For lovers of Japanese culture and history, a visit to Kanazawa is a must. Although its location is a bit remote, the Hokuriku Shinkansen from Tokyo and express trains from Kyoto make a side-trip here quite feasible. Catch all the historic highlights in this one-day Kanazawa itinerary.

Kanazawa is not a big city, and luckily, all of its major sights are quite close together. While one can do it as a day trip, you should stay for a night or two to really see all of its attractions without rushing. With this in mind, we recommend the following:

Day 1: Afternoon arrival in Kanazawa. For dining, check out the Korinbo district or restaurants around Kanazawa Station.
Day 2: Spend a full day sightseeing, following the Kanazawa itinerary below. Your route will take you on a clockwise tour beginning and ending at Kanazawa Station.
Day 3: Morning departure from Kanazawa.

It is possible to see most of the city by foot, but to maximize your time, get the Hokutetsu Bus One-Day Pass for ¥500. You can purchase this pass at Kanazawa Station. Read on for the perfect Kanazawa itinerary, and click here for a Google map of this route.

Higashi-Chaya

After a good night’s sleep and breakfast at your accommodation, head over to Kanazawa Station around 9:30am to buy your bus pass. Your first stop will be Higashi Chaya, one of Kanazawa’s three historic teahouse districts. From the station, take the Kanazawa Right Loop Bus to Hashibacho (stop #4), about a 10 minute ride.

It’s easy to see why Higashi Chaya is the gem of Kanazawa, with its streets of beautifully preserved Edo-era teahouses. Many of these buildings are now shops and restaurants, but a few are still run as teahouses complete with geisha performances. To get a glimpse of Japanese culture during the area’s heyday, stop by Shima Geisha House. Inside, you can see performance spaces, the geishas’ dressing room, and guest rooms. There are also displays of musical instruments, geisha accessories, and utensils for tea ceremonies. Admission to Shima Geisha House is ¥500.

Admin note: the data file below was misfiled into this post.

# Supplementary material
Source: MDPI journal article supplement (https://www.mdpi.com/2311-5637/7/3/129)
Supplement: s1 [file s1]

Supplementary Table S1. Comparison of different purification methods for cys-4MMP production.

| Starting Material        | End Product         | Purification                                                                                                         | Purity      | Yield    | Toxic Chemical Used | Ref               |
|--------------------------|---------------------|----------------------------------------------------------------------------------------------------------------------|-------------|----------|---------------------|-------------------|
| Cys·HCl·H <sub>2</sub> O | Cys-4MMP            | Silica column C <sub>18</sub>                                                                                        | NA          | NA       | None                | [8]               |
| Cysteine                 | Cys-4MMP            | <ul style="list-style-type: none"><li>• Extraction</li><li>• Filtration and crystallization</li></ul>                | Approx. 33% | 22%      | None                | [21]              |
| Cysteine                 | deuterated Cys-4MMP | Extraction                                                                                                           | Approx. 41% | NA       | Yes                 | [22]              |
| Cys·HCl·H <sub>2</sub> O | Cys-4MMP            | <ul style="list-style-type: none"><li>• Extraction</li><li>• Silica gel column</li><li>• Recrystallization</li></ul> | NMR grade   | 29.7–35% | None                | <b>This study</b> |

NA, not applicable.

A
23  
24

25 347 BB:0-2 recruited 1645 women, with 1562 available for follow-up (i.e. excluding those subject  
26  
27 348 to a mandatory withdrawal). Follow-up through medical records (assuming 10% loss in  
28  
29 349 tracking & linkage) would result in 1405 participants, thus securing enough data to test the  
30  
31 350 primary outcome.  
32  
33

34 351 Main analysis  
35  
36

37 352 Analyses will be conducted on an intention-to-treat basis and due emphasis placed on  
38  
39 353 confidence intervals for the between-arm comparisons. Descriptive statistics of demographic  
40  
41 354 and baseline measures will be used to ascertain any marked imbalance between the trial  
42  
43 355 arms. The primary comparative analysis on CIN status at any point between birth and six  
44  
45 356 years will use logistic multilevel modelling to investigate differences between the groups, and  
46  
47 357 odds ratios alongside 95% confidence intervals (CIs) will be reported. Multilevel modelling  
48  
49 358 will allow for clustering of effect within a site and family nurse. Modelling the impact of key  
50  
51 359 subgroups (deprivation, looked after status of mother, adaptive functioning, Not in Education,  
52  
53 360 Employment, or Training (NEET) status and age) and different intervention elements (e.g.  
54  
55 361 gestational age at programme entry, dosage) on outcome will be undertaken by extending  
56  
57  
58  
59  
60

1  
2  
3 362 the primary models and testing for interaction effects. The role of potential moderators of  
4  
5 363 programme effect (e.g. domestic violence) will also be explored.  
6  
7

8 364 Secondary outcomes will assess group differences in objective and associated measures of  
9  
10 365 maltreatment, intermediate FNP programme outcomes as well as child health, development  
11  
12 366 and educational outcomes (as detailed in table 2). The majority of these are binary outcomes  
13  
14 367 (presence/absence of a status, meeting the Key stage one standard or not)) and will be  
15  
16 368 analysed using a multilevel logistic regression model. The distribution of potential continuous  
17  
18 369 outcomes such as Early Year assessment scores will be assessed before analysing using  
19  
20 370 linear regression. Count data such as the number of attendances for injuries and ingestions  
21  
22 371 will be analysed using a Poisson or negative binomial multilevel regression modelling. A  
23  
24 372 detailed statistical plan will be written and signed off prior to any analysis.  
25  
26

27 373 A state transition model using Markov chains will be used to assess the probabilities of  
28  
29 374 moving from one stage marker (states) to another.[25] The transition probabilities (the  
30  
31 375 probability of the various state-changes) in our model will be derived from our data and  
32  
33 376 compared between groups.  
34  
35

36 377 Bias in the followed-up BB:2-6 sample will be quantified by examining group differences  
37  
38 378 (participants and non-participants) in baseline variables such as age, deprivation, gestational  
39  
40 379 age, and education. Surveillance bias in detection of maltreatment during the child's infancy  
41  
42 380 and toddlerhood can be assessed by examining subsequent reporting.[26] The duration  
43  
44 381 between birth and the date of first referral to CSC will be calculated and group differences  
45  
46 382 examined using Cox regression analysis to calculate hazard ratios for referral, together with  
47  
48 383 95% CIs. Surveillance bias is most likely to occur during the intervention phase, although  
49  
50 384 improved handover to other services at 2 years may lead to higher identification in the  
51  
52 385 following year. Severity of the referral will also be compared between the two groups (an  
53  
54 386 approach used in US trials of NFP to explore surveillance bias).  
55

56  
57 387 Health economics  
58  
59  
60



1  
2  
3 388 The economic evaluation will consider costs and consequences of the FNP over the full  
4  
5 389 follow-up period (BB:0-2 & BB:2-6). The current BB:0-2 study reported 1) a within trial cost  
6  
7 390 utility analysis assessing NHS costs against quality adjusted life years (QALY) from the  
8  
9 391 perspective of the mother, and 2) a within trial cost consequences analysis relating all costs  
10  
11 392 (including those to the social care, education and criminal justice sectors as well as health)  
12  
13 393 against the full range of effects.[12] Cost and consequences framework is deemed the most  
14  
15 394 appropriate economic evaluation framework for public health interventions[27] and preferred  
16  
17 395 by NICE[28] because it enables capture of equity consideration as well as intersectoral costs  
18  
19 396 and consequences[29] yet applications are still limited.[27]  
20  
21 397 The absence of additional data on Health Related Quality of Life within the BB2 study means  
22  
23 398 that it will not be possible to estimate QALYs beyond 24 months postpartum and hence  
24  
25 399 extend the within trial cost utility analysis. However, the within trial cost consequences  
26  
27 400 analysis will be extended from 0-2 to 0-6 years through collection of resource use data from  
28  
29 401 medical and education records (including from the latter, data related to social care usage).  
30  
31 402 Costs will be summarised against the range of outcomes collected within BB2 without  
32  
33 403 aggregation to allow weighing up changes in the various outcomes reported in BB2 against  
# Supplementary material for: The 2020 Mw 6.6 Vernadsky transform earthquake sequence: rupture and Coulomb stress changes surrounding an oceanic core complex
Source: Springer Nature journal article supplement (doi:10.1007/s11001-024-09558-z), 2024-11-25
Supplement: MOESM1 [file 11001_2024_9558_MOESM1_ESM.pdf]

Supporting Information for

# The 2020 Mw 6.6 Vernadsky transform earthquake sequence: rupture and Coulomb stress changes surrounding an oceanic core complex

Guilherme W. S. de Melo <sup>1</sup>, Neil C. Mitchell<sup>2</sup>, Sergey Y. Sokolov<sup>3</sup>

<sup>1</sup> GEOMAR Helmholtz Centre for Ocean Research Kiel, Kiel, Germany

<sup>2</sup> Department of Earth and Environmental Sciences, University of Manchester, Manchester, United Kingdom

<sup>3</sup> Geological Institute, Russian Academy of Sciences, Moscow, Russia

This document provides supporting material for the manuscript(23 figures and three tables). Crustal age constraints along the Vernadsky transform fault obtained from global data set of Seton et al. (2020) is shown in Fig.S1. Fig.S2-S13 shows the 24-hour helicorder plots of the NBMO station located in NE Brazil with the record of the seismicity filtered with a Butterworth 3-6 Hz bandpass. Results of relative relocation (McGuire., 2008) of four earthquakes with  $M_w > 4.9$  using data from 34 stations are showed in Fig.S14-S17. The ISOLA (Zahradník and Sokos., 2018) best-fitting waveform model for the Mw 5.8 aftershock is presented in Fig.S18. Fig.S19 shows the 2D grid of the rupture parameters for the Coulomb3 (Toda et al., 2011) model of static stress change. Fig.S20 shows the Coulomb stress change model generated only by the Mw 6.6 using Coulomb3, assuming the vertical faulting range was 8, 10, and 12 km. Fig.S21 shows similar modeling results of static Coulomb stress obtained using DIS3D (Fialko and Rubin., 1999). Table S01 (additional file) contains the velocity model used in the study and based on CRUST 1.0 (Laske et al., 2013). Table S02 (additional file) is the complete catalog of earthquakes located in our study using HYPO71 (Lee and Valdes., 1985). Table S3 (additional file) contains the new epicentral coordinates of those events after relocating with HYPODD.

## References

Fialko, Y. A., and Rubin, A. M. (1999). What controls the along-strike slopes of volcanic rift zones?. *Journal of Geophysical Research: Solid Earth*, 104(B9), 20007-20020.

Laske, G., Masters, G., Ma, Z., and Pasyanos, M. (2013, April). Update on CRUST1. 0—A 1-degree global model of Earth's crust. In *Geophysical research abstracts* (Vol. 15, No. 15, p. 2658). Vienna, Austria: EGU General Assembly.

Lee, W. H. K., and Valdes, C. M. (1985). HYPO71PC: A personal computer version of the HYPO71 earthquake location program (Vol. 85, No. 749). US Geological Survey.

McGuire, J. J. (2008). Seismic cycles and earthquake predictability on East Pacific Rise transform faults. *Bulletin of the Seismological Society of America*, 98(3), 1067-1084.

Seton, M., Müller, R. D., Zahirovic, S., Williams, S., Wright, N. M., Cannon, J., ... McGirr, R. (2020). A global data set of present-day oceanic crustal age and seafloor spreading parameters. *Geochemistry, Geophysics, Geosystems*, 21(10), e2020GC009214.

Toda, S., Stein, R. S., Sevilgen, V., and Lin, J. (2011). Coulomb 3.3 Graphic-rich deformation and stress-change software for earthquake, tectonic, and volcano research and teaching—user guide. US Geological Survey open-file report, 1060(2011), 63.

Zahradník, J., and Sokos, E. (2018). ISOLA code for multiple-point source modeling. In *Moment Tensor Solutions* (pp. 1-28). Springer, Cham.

Higashi Chaya

Higashi Chaya is a great place to shop for souvenirs, particularly Kanazawa’s famous gold leaf crafts. If you have time, cross to the other side of the Asano River for a walk around Kazue Machi. This district is more exclusive than Higashi Chaya, but, as a result, less touristy, and very photogenic. 

Kazue Machi

Kanazawa Castle

For the next stop in our Kanazawa itinerary, take the Kanazawa Right Loop Bus to stop #7 for Kanazawa Castle. From the bus stop, walk up the hill to the bridge and enter the castle park through the Ishikawamon Gate. While most of the buildings are restorations, this ornate gate is an original from 1788. It is most impressive during the spring, when the gate is flanked by dreamy cherry blossoms. 

Have a wander around the vast grounds, taking in the atmosphere of this important castle. This is where Kanazawa’s founding father Toshiie Maeda and his clan ruled for 300 years. To learn more about its history and construction, check out the exhibits inside the Kahokumon Gate and Gojikken Nagaya storehouse. Admission to the storehouse costs ¥310, but it is worth it for the view of the city from the turret windows!

Kanazawa Castle grounds in spring

Kenrokuen Garden

When you are finished at the castle, simply cross back over the bridge to Kenrokuen Garden, the next stop in our Kanazawa itinerary.

Kenrokuen’s fame as an icon of Japanese culture is rightly deserved. By Asian gardening standards, it is considered a perfect garden, and contains all of the six ideal features. (Read more about them here). It’s rather large, so allow one hour to stroll its paths and take in its beautiful ponds, statuary, and flora. It’s lovely to visit any time of the year, but the sakura in spring and momiji in autumn make it extra special. 

If you need a break, pop into one of the dainty tea houses on the premises for a snack or matcha tea. Admission to Kenrokuen is ¥320. However, the garden is free during the cherry blossom season and also for special events throughout the year. 

The famous Kotojitoro Lantern in Kenrokuen
A teahouse in Kenrokuen Garden